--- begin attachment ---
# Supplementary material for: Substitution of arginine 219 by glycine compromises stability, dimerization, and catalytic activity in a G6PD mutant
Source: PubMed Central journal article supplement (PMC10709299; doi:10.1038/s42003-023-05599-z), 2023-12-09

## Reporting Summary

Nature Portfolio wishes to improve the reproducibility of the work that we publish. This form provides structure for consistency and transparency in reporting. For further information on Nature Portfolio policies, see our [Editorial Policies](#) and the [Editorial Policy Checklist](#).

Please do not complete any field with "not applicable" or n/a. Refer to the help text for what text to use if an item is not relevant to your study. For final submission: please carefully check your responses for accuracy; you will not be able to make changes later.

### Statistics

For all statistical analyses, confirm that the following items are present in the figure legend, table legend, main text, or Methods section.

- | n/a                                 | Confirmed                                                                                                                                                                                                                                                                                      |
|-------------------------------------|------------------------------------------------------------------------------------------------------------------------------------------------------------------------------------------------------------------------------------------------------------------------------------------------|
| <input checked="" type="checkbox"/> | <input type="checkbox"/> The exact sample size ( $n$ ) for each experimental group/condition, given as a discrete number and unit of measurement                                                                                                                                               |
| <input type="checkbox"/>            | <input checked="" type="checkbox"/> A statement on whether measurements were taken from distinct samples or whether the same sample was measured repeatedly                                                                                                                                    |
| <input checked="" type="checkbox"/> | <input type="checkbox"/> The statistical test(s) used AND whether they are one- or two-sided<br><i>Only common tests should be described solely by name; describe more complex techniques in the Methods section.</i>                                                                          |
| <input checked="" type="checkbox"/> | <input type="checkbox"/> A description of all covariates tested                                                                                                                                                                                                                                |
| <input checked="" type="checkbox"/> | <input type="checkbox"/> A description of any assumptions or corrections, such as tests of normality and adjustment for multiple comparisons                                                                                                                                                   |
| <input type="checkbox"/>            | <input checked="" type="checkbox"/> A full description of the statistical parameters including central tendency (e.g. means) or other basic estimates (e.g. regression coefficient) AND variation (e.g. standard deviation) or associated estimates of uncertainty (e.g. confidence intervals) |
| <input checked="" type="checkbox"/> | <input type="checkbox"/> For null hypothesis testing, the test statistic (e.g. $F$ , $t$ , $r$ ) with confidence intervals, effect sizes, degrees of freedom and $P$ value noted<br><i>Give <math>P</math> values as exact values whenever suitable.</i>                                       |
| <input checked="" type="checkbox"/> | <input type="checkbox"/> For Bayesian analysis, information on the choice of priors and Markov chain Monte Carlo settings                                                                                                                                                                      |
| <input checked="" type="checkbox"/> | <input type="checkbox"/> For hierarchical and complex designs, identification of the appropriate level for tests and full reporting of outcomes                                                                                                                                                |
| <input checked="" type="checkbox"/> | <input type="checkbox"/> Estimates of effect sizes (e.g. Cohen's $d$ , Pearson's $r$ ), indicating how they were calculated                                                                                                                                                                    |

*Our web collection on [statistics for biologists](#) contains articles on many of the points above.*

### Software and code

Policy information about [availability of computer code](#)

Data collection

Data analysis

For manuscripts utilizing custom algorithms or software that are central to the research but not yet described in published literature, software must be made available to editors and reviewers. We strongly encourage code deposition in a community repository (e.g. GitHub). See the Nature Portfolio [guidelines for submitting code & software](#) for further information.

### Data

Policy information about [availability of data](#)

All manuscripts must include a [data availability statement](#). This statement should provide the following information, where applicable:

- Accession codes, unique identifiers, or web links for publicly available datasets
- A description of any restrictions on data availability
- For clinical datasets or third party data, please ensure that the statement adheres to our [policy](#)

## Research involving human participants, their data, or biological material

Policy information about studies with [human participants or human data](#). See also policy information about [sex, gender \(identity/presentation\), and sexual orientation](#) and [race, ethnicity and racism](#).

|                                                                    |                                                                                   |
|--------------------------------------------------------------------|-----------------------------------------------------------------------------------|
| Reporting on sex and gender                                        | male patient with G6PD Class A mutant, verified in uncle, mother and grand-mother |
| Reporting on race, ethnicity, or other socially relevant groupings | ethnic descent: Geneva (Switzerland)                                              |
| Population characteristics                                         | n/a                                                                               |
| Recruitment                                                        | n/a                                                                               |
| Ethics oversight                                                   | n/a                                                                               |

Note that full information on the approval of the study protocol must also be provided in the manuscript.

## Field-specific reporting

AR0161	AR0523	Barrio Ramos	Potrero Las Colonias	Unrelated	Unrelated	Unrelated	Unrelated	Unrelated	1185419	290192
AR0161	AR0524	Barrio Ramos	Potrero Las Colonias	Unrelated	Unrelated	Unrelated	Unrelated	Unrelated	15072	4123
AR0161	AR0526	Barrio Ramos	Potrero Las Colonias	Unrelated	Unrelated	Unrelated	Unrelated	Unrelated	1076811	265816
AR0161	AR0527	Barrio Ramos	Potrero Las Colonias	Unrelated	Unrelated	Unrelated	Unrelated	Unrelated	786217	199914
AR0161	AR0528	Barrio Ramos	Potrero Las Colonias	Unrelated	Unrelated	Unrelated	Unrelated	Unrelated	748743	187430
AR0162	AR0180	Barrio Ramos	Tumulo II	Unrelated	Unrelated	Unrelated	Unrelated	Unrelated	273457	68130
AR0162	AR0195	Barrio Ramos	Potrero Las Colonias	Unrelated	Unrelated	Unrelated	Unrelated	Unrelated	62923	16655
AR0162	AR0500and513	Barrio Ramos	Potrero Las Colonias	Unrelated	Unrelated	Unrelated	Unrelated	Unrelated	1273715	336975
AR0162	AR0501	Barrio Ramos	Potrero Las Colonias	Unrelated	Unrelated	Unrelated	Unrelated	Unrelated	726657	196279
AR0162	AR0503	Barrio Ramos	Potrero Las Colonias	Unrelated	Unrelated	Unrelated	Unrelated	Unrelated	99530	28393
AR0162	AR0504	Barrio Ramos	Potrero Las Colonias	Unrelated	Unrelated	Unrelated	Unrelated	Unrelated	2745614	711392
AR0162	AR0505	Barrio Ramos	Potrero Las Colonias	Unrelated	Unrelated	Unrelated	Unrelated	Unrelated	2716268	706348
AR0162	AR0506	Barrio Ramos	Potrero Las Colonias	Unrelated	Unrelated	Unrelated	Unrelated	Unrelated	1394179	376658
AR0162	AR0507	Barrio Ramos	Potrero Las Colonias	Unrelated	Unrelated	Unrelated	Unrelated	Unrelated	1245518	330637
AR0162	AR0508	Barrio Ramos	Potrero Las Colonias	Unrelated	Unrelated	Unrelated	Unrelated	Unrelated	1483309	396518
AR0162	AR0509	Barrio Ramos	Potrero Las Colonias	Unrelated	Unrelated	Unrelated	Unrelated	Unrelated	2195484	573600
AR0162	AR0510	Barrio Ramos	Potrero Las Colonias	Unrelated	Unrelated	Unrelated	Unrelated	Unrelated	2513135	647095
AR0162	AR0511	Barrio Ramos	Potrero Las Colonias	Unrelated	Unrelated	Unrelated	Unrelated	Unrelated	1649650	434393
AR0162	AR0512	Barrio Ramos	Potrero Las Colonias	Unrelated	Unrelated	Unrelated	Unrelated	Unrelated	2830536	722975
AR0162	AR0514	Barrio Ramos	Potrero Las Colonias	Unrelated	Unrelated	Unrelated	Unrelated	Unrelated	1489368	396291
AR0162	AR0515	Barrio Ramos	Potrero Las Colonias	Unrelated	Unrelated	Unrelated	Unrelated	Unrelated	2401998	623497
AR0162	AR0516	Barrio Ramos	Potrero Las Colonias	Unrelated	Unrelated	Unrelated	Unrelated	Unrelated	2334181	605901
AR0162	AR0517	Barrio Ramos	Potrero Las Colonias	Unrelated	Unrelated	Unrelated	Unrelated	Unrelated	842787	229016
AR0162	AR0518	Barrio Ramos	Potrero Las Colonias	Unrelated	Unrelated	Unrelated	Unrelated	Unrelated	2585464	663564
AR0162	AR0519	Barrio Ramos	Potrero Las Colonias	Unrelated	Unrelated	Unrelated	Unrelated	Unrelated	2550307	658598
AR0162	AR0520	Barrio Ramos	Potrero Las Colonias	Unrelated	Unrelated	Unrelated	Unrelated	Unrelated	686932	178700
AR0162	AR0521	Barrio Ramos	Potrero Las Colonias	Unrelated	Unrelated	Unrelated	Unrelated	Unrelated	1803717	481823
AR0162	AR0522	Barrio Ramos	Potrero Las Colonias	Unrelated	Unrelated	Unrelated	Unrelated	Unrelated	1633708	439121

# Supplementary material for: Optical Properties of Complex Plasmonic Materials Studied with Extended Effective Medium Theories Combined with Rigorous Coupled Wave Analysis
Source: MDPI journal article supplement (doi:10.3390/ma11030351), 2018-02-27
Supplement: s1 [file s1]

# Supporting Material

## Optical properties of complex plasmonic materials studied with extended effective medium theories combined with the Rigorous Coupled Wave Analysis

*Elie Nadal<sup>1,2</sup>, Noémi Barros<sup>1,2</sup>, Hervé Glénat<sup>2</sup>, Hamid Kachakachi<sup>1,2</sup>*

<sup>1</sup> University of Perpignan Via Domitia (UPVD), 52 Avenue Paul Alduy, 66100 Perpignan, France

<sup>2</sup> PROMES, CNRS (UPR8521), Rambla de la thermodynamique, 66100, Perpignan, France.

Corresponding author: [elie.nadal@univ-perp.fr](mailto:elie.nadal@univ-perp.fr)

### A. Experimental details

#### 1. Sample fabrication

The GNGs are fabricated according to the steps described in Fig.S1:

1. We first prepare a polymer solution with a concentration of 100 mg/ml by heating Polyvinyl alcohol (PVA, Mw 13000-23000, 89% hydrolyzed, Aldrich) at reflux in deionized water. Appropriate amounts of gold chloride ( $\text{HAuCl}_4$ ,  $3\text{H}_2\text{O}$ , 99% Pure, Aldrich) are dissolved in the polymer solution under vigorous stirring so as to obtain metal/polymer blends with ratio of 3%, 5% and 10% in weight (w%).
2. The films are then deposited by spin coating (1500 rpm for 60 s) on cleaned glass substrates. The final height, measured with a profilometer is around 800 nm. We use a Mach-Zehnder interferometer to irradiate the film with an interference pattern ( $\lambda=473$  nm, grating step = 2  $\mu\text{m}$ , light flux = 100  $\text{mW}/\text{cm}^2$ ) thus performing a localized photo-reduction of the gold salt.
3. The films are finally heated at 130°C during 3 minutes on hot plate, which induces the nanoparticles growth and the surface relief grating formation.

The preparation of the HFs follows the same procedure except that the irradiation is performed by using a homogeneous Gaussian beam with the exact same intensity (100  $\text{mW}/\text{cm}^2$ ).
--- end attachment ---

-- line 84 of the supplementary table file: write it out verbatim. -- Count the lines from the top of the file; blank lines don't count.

2. The films are then deposited by spin coating (1500 rpm for 60 s) on cleaned glass substrates. The final height, measured with a profilometer is around 800 nm. We use a Mach-Zehnder interferometer to irradiate the film with an interference pattern ( $\lambda=473$  nm, grating step = 2  $\mu\text{m}$ , light flux = 100  $\text{mW}/\text{cm}^2$ ) thus performing a localized photo-reduction of the gold salt.